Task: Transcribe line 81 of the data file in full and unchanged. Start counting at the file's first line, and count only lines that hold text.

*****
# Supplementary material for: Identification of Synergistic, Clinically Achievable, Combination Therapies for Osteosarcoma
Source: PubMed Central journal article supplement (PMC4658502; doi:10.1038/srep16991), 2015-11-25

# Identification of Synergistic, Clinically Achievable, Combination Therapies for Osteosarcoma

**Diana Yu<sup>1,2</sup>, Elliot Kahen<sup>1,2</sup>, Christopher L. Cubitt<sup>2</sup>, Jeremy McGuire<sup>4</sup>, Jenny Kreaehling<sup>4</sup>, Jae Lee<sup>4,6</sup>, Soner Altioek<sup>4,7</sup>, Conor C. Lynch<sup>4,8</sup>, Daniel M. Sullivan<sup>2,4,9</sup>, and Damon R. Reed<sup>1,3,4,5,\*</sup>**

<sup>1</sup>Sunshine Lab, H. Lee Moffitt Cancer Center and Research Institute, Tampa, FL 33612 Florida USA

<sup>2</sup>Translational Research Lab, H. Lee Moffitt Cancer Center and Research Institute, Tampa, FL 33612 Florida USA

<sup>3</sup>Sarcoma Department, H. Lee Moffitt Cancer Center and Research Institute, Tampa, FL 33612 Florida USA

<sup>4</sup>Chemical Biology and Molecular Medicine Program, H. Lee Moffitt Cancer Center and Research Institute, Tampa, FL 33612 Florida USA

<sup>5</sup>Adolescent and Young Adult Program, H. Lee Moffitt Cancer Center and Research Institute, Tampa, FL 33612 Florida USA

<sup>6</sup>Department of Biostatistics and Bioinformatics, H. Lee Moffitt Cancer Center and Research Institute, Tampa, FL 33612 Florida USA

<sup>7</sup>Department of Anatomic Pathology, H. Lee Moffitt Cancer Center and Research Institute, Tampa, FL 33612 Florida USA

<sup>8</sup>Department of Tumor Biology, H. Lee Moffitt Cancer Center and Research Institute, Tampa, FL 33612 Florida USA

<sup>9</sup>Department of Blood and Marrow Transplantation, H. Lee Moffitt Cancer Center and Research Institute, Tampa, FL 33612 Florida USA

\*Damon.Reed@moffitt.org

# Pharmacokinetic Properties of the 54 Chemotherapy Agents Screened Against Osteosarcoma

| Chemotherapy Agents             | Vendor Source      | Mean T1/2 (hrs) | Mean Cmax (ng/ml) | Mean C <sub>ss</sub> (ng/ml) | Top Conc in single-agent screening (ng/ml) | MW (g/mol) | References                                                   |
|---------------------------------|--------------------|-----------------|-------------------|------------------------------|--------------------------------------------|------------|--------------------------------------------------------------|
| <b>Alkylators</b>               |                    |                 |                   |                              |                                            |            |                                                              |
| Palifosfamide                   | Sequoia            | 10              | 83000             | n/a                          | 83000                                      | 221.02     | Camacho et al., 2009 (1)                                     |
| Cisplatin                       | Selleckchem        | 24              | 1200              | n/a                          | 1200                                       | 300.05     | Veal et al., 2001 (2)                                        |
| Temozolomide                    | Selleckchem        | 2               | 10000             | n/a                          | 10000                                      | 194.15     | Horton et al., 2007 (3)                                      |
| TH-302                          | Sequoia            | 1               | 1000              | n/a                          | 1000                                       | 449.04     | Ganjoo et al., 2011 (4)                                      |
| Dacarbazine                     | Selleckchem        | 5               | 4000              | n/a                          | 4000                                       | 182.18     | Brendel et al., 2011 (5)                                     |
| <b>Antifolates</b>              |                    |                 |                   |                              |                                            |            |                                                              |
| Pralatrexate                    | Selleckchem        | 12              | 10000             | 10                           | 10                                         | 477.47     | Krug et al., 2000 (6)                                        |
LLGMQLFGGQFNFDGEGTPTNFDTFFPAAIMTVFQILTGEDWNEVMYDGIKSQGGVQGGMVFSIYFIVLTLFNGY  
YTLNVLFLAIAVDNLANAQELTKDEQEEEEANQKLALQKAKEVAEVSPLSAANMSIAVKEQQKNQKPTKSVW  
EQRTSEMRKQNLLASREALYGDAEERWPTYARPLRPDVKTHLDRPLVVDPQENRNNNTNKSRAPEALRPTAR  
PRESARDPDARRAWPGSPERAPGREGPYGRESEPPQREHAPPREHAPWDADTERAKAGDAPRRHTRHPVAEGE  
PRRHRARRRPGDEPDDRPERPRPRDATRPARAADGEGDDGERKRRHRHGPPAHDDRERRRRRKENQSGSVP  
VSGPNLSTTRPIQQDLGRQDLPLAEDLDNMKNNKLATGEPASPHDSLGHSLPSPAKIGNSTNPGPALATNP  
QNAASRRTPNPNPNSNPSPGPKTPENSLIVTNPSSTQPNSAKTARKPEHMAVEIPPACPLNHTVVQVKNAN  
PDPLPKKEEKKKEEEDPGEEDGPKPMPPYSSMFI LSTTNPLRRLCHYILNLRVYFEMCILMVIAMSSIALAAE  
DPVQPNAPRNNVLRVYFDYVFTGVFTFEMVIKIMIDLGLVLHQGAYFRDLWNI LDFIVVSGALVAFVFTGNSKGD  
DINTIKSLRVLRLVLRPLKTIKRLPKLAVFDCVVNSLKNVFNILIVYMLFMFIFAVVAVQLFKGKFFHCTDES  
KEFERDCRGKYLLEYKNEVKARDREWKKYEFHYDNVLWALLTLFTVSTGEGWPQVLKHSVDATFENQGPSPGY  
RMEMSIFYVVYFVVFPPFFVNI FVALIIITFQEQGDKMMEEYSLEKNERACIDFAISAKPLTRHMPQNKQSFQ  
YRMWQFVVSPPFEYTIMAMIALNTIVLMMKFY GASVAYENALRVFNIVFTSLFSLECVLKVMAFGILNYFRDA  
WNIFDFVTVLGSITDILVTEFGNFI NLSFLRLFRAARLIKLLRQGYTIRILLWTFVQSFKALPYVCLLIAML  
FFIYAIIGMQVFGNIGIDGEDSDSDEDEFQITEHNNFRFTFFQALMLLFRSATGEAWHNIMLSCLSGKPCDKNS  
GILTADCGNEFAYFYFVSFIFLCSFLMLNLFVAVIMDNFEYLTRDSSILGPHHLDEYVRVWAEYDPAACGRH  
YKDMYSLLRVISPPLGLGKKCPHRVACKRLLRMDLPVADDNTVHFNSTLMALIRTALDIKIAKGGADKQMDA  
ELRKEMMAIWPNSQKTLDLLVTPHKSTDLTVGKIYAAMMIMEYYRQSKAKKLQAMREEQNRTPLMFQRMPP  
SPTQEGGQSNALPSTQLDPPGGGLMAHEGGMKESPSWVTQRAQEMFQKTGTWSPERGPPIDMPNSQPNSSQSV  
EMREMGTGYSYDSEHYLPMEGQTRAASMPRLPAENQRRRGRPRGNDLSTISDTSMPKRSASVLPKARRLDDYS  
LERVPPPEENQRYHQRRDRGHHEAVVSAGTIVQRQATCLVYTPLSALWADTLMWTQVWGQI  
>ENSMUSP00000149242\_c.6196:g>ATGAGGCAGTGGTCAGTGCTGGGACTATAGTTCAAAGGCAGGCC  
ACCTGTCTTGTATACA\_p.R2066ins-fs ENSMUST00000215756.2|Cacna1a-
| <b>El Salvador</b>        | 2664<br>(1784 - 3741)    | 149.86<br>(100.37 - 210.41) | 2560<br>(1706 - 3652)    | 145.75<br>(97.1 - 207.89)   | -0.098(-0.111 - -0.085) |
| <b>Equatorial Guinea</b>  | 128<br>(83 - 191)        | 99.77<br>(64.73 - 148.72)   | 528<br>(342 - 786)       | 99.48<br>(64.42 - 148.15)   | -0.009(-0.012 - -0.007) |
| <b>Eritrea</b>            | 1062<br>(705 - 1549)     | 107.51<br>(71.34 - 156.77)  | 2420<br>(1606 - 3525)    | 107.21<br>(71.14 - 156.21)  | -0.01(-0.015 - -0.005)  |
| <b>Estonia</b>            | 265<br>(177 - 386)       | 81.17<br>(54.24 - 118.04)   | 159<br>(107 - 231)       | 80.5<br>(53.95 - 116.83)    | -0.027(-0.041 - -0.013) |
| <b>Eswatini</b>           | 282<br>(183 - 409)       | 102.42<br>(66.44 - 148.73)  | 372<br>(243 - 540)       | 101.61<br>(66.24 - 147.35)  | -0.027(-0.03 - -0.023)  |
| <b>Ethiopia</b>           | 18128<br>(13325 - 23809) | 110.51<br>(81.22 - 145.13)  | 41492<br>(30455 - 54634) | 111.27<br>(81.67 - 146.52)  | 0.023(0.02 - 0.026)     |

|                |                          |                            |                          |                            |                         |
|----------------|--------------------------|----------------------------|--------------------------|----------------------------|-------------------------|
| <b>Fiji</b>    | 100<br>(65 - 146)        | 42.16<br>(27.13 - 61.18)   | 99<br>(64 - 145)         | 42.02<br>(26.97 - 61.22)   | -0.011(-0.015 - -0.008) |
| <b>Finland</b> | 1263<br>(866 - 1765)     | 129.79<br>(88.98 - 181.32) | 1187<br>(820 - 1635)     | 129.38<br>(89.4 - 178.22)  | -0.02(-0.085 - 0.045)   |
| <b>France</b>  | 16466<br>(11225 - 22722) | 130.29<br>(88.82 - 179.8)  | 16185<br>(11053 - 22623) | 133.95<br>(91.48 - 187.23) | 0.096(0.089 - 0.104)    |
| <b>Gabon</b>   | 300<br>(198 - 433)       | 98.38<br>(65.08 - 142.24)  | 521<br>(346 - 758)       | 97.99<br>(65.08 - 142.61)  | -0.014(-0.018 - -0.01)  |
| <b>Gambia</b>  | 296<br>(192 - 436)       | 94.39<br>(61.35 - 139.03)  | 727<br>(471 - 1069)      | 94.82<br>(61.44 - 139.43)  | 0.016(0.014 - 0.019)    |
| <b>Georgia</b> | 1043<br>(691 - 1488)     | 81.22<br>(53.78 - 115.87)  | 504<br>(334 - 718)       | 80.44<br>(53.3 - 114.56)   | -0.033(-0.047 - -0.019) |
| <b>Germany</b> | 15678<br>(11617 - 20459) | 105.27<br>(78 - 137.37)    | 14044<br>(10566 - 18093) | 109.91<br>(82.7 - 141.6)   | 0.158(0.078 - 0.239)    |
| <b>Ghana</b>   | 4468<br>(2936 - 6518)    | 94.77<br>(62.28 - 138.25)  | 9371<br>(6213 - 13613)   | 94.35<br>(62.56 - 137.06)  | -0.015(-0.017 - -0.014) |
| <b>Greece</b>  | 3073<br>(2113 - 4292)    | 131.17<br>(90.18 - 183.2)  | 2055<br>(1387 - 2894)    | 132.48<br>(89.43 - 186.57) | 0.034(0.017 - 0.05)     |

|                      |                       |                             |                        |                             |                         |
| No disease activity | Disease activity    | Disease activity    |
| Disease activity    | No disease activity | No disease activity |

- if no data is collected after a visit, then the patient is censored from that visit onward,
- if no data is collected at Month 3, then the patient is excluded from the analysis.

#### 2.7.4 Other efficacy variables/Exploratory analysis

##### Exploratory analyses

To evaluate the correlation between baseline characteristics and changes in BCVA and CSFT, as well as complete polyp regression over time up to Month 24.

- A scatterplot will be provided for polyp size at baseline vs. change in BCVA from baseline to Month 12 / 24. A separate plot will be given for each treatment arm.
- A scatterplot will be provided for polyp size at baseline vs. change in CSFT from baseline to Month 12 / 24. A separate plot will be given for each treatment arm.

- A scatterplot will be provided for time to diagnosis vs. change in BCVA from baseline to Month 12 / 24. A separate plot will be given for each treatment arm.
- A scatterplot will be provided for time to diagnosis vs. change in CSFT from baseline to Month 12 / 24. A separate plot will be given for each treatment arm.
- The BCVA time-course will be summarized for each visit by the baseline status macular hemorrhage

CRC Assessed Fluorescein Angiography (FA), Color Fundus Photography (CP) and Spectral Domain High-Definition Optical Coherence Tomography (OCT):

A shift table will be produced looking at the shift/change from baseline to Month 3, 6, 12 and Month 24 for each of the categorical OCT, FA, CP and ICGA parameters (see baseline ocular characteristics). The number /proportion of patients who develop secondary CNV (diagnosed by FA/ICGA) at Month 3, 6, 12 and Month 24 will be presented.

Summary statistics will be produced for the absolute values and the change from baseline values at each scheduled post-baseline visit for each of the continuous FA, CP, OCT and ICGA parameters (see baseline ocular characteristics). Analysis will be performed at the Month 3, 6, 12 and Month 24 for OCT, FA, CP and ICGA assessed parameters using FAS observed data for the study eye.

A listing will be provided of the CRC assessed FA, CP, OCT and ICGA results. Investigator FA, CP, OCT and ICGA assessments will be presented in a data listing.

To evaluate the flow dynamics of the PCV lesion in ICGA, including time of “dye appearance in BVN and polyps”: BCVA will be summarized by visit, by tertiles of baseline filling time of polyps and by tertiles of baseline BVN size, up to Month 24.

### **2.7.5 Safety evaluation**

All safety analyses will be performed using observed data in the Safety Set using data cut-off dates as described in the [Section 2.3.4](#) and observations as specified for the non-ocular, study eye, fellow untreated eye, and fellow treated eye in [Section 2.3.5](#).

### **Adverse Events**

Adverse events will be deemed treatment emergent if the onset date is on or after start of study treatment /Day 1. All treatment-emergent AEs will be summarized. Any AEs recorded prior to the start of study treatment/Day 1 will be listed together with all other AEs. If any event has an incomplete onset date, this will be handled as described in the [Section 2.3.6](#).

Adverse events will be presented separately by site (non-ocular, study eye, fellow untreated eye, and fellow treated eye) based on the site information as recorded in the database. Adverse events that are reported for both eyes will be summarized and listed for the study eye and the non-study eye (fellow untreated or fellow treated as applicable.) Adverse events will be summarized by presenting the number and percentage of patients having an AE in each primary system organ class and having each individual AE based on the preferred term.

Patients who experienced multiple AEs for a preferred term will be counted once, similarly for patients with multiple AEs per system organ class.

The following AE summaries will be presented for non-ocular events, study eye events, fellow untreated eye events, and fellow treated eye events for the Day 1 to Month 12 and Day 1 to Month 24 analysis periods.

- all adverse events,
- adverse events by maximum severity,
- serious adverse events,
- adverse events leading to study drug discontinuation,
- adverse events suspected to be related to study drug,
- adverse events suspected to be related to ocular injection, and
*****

Summary statistics will be produced for the absolute values and the change from baseline values at each scheduled post-baseline visit for each of the continuous FA, CP, OCT and ICGA parameters (see baseline ocular characteristics). Analysis will be performed at the Month 3, 6, 12 and Month 24 for OCT, FA, CP and ICGA assessed parameters using FAS observed data for the study eye.